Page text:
MLS Promises Expansion To At Least 30 — When Should It Stop?
Major League Soccer held its annual Board of Governors meetings in Los Angeles this week. Along with allowing MLS clubs to collect solidarity payments in the future, one of the major outcomes of the meetings was the announcement that MLS expansion will increase the league to 30 teams in the near future.
— Major League Soccer (@MLS) April 18, 2019
“Professional soccer at all levels is thriving in the United States and Canada and we believe there are many markets that could support a successful MLS club,” MLS Commissioner Don Garber said in a statement on the MLS website. “Expansion during the last 15 years has been enormously successful and a key driver behind the league’s continued rise, and we are pleased that some of the top business and community leaders representing great markets in North America are aggressively pursuing MLS expansion clubs.”
MLS expansion has exploded since 2005, when Real Salt Lake and Chivas USA entered the league. MLS will go from 10 teams in 2004 to 27 teams in 2021 — nearly tripling — in 17 years. Sacramento and St. Louis were named by MLS as the favorites to follow Inter Miami CF (2020), Nashville SC (2020) and Austin FC (2021) into the league, though those are not yet done deals.
To be brief, there are a few positive outcomes to MLS expansion.
First, cities that would love a top-level professional soccer team will get their wishes, which is mostly a good thing. Second, MLS gets a huge cashflow from expansion teams, which must pay $200 million to enter the league. Third, the league gets closer to the number of teams in the other major U.S. sports leagues, all of which have between 30 and 32 teams.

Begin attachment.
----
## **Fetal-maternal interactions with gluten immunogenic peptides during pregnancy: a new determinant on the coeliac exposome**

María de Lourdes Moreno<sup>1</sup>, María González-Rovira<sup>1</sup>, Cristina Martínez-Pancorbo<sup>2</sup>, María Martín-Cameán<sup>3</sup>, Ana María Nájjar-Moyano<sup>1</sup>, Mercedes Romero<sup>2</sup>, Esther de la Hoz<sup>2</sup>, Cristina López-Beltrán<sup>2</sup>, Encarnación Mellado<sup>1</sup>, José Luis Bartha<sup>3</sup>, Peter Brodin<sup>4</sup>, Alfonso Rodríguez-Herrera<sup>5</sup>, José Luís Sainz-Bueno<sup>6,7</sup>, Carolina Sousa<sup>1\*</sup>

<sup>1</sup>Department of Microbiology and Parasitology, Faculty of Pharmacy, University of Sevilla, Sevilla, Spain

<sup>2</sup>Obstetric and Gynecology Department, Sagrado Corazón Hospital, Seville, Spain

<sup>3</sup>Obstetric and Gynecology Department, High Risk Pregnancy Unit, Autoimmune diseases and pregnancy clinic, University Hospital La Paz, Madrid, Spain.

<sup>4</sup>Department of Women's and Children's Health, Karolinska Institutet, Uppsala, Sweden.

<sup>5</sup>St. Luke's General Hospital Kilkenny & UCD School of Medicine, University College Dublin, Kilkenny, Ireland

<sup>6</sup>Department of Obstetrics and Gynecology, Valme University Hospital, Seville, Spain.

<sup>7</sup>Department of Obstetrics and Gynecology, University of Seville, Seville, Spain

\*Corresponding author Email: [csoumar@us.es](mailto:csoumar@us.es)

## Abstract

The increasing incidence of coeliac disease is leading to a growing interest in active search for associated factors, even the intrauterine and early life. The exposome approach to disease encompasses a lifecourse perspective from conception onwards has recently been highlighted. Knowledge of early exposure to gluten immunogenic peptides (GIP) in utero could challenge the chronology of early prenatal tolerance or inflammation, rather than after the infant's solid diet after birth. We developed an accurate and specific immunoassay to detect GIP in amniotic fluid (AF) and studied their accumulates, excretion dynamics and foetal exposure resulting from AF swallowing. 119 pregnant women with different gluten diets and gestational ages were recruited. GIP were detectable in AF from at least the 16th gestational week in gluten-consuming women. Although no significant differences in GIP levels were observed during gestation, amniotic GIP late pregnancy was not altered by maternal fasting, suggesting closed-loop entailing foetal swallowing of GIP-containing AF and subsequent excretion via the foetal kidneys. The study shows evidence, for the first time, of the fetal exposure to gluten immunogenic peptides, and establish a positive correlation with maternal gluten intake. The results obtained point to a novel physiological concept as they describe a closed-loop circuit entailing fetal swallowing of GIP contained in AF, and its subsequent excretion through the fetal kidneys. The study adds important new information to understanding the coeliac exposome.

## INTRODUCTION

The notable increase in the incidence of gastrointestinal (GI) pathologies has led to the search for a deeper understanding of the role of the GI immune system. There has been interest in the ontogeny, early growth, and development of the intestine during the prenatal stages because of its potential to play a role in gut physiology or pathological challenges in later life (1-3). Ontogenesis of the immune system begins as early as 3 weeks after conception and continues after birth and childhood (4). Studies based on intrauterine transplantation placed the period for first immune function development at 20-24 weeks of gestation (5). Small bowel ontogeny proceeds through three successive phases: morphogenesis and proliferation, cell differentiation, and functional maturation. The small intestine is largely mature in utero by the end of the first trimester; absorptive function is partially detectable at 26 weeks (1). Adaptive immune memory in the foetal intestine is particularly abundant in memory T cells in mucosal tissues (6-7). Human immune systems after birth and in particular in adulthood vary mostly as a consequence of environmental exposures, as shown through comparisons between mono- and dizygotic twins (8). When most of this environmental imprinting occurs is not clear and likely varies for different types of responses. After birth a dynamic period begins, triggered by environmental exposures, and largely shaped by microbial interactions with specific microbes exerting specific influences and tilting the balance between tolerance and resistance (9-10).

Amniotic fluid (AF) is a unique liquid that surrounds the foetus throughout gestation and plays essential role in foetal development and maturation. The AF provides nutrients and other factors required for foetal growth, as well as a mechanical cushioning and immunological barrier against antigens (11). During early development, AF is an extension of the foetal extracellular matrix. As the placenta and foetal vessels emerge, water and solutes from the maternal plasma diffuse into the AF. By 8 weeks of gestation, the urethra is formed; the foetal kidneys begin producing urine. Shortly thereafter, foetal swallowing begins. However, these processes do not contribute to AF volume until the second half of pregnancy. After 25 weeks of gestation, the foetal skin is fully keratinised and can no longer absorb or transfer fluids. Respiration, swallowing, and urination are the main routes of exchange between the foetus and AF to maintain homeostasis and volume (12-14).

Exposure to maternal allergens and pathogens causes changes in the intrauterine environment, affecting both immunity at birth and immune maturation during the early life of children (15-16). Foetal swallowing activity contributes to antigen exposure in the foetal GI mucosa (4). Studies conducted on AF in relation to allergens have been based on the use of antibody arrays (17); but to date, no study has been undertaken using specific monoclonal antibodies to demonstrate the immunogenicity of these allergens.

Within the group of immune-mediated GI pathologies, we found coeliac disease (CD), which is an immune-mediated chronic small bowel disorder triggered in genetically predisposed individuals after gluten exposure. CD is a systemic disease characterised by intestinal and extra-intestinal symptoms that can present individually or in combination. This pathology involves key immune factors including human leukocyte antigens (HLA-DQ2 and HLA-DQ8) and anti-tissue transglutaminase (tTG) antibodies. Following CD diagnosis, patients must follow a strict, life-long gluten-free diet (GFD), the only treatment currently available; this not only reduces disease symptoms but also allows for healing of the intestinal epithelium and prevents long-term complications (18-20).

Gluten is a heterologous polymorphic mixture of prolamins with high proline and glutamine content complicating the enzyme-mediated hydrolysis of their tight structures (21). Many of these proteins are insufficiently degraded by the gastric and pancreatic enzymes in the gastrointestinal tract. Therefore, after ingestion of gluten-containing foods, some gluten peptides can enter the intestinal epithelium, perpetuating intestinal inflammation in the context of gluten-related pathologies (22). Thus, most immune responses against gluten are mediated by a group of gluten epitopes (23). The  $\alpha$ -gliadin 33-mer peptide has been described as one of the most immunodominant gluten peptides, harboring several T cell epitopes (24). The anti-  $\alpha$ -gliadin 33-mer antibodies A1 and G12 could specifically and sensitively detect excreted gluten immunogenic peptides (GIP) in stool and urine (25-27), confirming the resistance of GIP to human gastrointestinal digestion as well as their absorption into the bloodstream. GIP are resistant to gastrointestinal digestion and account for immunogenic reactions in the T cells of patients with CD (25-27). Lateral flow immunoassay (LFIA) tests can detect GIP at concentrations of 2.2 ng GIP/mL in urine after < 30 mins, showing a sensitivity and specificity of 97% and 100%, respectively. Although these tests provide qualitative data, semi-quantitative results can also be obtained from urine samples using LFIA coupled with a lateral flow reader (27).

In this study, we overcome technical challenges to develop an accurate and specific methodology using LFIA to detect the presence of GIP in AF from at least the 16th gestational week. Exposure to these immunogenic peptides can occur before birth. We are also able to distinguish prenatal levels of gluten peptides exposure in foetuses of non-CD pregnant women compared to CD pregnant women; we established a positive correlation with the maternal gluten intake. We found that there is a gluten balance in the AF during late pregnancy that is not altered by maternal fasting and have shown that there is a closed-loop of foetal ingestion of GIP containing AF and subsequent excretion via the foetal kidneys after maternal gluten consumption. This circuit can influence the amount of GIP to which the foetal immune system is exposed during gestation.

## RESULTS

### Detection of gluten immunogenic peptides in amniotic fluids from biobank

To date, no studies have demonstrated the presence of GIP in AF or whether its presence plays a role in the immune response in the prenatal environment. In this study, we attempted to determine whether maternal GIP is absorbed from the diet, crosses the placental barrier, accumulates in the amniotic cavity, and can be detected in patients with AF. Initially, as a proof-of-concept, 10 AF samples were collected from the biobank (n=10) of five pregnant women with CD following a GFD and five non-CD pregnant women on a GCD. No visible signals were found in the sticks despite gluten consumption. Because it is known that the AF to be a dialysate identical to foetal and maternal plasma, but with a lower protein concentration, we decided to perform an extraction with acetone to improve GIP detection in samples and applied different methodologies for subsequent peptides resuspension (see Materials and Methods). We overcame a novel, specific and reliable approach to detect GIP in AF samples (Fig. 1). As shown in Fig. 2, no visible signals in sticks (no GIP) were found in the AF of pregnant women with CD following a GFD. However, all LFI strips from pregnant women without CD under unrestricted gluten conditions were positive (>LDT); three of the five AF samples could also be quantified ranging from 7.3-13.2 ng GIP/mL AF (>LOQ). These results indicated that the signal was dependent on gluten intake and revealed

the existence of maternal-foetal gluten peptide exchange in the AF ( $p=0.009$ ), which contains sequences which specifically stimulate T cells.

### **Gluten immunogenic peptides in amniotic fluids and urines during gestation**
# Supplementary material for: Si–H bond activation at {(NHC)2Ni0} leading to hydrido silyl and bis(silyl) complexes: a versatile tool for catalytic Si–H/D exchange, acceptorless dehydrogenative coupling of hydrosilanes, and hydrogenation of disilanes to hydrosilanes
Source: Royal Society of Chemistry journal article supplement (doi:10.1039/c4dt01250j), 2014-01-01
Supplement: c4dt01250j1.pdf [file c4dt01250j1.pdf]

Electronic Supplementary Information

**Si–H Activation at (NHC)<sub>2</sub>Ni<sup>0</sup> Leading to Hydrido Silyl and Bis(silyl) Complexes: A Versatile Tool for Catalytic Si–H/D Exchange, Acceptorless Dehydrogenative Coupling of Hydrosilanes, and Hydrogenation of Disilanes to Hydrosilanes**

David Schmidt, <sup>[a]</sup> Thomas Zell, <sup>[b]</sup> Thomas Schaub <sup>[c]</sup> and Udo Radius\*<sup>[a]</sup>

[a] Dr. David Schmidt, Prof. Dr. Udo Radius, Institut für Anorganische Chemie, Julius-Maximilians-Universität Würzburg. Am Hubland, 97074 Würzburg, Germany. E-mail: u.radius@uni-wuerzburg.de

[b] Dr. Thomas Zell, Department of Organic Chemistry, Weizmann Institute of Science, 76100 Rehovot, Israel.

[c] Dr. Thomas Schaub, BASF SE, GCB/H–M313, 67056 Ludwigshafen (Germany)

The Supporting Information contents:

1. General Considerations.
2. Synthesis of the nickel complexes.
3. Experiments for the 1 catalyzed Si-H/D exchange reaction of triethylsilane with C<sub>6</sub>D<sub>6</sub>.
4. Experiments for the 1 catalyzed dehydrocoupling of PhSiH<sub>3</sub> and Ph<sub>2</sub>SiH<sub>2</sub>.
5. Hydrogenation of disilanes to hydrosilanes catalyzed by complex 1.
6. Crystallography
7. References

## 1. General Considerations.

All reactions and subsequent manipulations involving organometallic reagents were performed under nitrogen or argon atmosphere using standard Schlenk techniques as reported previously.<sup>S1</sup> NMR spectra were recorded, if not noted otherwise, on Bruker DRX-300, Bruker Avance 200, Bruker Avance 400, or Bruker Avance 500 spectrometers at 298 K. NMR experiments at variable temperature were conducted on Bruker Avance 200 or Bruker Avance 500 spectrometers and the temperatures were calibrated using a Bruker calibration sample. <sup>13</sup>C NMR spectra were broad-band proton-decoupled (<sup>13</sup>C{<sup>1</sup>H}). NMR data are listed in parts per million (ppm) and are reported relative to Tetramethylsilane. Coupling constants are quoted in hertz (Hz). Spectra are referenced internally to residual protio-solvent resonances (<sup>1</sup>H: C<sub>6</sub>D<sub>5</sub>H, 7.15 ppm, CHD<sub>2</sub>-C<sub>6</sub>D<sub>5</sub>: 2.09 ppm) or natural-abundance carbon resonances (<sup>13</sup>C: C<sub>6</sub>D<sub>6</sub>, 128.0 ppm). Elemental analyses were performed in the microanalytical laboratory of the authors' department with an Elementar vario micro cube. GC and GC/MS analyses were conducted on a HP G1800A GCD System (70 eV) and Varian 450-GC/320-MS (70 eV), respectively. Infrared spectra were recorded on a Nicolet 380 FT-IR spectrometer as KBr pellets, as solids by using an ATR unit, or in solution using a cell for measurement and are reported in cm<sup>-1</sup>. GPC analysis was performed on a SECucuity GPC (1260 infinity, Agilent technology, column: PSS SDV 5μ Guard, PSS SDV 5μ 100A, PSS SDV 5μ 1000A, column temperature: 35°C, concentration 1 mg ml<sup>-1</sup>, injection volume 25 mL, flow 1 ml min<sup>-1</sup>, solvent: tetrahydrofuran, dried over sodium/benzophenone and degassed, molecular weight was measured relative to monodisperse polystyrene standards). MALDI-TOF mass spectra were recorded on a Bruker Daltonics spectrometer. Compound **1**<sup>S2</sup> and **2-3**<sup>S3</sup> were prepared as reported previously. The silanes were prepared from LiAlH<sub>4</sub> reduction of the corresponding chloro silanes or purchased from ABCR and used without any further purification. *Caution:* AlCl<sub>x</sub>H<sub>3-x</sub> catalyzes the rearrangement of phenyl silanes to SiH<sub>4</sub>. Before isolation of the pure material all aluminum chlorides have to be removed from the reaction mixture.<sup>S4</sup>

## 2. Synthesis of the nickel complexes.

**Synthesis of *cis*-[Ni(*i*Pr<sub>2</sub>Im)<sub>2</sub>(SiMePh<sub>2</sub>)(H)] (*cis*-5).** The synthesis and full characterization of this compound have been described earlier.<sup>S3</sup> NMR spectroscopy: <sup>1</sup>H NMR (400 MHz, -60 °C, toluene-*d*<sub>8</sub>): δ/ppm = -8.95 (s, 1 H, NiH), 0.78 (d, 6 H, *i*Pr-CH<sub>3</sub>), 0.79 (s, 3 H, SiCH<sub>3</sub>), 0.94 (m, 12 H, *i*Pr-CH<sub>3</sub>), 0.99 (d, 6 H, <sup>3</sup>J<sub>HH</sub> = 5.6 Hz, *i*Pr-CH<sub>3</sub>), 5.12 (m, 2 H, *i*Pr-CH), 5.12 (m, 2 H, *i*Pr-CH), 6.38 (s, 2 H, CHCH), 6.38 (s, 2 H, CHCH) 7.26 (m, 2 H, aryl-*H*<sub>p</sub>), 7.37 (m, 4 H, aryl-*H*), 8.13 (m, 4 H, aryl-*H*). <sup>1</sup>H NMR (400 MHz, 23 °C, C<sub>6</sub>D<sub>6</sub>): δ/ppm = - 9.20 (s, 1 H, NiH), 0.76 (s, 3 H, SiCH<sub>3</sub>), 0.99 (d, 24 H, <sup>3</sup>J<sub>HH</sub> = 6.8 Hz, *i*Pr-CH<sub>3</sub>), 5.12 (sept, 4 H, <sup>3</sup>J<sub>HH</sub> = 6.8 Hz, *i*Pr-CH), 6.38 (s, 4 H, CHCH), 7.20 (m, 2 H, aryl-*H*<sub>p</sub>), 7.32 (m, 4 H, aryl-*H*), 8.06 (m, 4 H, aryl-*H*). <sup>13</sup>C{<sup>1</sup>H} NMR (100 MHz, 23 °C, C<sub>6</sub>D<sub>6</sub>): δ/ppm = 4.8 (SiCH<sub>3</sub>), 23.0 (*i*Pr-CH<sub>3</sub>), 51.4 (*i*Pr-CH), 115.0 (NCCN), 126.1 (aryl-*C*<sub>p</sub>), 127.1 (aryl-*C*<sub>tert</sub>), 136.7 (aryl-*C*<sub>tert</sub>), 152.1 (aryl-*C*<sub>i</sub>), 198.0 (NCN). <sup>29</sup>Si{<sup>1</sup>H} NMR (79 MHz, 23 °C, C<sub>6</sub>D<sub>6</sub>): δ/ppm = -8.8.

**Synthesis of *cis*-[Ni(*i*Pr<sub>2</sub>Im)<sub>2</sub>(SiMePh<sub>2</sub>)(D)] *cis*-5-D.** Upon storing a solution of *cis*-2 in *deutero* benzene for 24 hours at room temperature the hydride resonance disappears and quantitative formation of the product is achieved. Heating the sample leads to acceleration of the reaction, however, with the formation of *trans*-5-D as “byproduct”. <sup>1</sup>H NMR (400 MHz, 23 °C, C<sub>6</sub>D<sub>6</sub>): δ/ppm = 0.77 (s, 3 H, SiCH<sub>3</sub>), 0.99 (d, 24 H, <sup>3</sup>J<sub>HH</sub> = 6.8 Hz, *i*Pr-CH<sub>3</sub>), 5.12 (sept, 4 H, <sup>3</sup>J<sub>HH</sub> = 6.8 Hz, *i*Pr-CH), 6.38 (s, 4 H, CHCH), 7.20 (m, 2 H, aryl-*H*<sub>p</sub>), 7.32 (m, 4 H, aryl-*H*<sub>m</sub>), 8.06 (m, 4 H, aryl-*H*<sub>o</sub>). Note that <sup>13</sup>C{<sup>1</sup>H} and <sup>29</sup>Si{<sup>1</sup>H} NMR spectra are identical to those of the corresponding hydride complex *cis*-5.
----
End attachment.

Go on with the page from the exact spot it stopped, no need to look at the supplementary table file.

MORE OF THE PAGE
But there are also a few negatives to MLS expansion.
First, the league risks diluting the talent pool by increasing the number of teams. Second, there’s a fear the league is expanding too quickly, forgetting the troubles the league faced at its start that resulted in contraction of two teams. Third, there are complaints MLS is only interested in expansion as a money-making process more than as a means to grow the league or other ways to improve.
To be fair, the negatives are mostly conjecture at this point.
With MLS confirming there will be at least 30 teams in the league — an increase from the previous target of 28 set in 2015 — the question now becomes: When should MLS stop expanding?
MLS Expansion: When Should It Stop?
There are arguments to be made that MLS should have stopped at around 20 teams and instead created a second division with promotion and relegation like many of the top leagues in Europe. This would make a lot of sense as it has proven to be successful throughout the world, including Mexico, so why not MLS?
There are other arguments to be made that MLS should be more like other North American professional sports and have around 30-32 teams. MLB and NBA both have healthy revenues with 30 teams each while NFL dominates the American sports landscape with its 32 teams. Why should MLS be any different?
Let’s start with the former stance and get this out of the way: Promotion/relegation isn’t likely to come to MLS anytime soon. Sorry to all the pro/rel proponents, but it just ain’t happening as long as Garber is MLS commissioner. It makes much more financial sense for MLS to add new teams to the top tier than to create a second tier that isn’t as valuable (or incorporate USL).
As for the latter stance, is there any real reason MLS should stop at 30-32 teams like these other leagues?